Study finds polygamy helps male acorn woodpeckers thrive
The company of two and the crowd of three – unless you’re a male woodpecker vying for the biggest prize in the brood.
A new study, published in the journal Proceedings of the Royal Society B, found that during polygamous breeding, these future feathered sires produced 1.5 times more offspring and continued to breed two to three years older than their monogamous counterparts.
The results suggest that male acorn peaks gain an evolutionary advantage through polygamy, as they pass their DNA on to more offspring.
“Acorn woodpeckers have some of the most complex social systems of all organisms,” said Sahas Barve, ornithologist and Peter Buck Fellow at the Smithsonian’s National Museum of Natural History and lead author of the study. âThese results help us understand how this social system may have evolved. “
Keep it in the family
Acorn Woodpeckers are a particularly social species. They live in territorial groups of 5 to 10 adults and their offspring generally stay a few years to care for the younger generations before leaving.
These birds are famous for their fierce battles around attics or dead trees stuffed with acorns. But their love lives are just as dramatic. Several brothers nest with different pairs of sisters to form a community that reproduces and co-parent. Their behavior causes parents to compete for evolutionary ability, as measured by the success of DNA transmission.
âMore offspring is considered an evolutionary advantage because you are leaving more copies of your DNA in the gene pool,â Barve said. “Evolutionary fitness is all about genetic longevity over time. The more traits that survive, the higher the fitness.”
Biologists originally believed that polygamy would result in fewer offspring, so they turned to a concept called parentage selection to justify this polygamous behavior. Parentage selection occurs when a bird takes care of its related non-descendants instead of mating to produce its own offspring. This behavior, in theory, does not interfere with the evolutionary success of the bird, as the bird still protects some of its DNA that survives into the younger generation.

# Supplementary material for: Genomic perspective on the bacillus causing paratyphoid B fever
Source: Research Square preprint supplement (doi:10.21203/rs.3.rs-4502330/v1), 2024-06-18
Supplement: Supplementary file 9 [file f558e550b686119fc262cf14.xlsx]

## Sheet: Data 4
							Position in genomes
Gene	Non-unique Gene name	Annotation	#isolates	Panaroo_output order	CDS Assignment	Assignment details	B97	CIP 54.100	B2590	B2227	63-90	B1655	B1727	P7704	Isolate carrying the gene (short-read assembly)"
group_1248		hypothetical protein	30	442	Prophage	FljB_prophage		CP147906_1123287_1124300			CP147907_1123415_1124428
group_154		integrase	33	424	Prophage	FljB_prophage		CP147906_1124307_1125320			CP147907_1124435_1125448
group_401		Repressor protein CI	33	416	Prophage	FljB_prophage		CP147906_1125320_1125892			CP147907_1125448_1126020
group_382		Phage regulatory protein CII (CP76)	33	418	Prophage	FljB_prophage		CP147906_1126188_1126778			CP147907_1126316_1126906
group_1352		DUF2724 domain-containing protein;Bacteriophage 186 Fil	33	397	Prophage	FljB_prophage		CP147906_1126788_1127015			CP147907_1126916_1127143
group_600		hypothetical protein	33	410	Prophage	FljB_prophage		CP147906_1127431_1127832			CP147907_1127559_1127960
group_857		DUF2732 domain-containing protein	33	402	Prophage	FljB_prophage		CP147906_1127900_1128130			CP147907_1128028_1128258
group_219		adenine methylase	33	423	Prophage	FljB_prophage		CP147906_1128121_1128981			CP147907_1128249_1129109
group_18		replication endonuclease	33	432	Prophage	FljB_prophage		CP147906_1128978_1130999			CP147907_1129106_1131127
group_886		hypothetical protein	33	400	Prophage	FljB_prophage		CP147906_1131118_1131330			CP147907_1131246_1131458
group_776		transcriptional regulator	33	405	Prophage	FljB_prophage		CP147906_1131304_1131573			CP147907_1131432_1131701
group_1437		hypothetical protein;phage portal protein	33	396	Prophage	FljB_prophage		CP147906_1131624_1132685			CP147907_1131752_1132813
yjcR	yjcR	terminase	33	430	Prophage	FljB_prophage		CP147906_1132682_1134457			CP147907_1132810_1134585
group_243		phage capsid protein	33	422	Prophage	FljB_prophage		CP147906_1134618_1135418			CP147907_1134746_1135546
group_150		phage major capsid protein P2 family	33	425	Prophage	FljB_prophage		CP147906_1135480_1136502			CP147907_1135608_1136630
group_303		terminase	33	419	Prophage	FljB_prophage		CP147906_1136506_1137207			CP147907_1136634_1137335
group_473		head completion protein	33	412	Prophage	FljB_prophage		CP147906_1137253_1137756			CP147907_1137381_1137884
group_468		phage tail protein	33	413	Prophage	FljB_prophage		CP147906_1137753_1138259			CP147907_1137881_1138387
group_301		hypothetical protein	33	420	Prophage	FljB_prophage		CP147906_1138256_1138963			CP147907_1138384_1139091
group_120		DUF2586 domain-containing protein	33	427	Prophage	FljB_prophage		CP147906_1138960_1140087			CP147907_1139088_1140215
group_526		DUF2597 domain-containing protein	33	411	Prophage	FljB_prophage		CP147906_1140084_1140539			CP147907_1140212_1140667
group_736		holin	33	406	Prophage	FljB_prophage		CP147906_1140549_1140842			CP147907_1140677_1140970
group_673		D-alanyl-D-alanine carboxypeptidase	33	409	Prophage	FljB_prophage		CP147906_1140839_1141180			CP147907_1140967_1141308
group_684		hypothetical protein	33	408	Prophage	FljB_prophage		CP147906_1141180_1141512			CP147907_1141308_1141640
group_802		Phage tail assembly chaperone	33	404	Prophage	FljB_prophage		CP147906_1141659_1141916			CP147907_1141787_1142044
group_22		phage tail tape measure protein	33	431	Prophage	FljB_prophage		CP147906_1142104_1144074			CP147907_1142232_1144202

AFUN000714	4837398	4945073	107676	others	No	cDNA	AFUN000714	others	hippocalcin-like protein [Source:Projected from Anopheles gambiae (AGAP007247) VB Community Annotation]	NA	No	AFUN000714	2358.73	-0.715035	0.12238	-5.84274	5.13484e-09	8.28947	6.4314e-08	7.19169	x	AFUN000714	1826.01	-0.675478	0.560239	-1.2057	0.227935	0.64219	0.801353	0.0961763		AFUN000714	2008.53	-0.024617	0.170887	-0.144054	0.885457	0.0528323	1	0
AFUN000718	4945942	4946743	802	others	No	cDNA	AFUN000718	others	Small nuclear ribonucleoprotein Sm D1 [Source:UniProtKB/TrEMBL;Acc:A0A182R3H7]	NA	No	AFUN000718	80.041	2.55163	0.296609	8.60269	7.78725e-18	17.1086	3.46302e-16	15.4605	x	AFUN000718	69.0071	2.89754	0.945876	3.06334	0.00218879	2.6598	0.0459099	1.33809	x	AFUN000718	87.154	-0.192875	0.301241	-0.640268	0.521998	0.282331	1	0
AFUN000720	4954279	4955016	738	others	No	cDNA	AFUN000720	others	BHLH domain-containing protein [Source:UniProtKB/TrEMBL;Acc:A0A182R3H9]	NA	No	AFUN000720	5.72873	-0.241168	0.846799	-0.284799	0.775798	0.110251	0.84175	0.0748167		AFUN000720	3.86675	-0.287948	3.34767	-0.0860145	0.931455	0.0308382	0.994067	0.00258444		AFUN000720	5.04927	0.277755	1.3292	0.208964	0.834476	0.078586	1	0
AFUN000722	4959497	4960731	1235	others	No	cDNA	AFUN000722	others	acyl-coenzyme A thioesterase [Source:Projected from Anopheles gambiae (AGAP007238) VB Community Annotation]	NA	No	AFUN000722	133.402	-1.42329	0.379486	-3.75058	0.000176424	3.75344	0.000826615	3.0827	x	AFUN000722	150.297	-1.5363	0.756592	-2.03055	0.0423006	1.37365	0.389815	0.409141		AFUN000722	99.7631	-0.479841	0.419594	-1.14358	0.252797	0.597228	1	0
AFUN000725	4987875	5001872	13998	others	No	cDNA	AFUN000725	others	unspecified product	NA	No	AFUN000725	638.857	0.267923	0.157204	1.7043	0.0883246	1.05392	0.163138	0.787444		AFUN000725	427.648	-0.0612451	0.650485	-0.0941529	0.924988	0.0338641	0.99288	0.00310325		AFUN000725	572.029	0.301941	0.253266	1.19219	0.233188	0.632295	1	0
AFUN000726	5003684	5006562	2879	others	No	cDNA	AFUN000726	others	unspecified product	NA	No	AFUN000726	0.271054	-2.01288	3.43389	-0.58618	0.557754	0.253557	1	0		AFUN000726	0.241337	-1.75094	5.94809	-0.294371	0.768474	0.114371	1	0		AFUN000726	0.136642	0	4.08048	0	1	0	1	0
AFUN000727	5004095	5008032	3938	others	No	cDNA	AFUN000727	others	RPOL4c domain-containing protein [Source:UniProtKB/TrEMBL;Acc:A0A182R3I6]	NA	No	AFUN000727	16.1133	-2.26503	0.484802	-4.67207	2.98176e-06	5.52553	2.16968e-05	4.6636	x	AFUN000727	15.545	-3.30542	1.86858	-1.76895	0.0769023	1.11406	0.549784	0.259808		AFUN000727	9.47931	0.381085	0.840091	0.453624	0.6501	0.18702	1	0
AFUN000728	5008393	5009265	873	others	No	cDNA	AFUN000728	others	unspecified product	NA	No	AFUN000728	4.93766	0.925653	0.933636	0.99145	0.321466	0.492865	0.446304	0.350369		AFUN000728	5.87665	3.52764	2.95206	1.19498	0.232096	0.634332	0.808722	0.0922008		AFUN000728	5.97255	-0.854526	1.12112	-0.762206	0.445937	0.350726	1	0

âParent selection theory suggests that since your nephew is a quarter related to you, helping to raise two nephews is the same as direct offspring, which would be half related,â said Barve. âBut because so few species do, cooperative breeding was seen as the best strategy. It was better than not leaving any copies of your DNA at all. “
Most animals practice monogamy and non-cooperative breeding. Based on this premise, biologists speculated that co-breeding and polygamy must be less progressive. Now, the new research questions that assumption.
A long-term labor of love
Proving that parentage selection, or other cooperative animal behavior, is occurring takes time. Scientists must observe and collect data over many generations before they can get a full picture of the dynamics of an entire species.
âYou can’t really test this without some super detailed long-term recordings,â Barve said. “Fortunately, that’s exactly what we had for this study.”
Barve and his colleagues analyzed more than 40 years of observations and genetic samples from 499 birds in the 2,500-acre Hastings Nature Reserve in California.
The results showed that polygamy was less important for female acorn woodpeckers, but very useful for their male counterparts. Polygamous males produced more offspring during their lifetime and reproduced for a few years longer on average than monogamous males.
Beyond the birds
By studying 40 years of data on the relationships between acorn woodpeckers, Barve and his team were able to analyze the evolution of birds’ mating behavior.
âIt’s something that has never been shown before,â Barve said. “And that highlights the value of long-term research on animal behavior.”
After discovering that co-breeding has evolutionary benefits for male acorn woodpeckers, they hope these benefits could help scientists learn more about changing social behaviors in other animals.
âThe mechanisms of natural selection are the same for all life. We can use the peaks as a study system to understand the evolution of cooperative behaviors, âsaid Barve.
Eight of nature’s wildest mating rituals
Shocking study finds electric eels hunt together
How seven of nature’s freshest species resist the cold
Landmark study shares Smithsonian bird DNA collected over three decades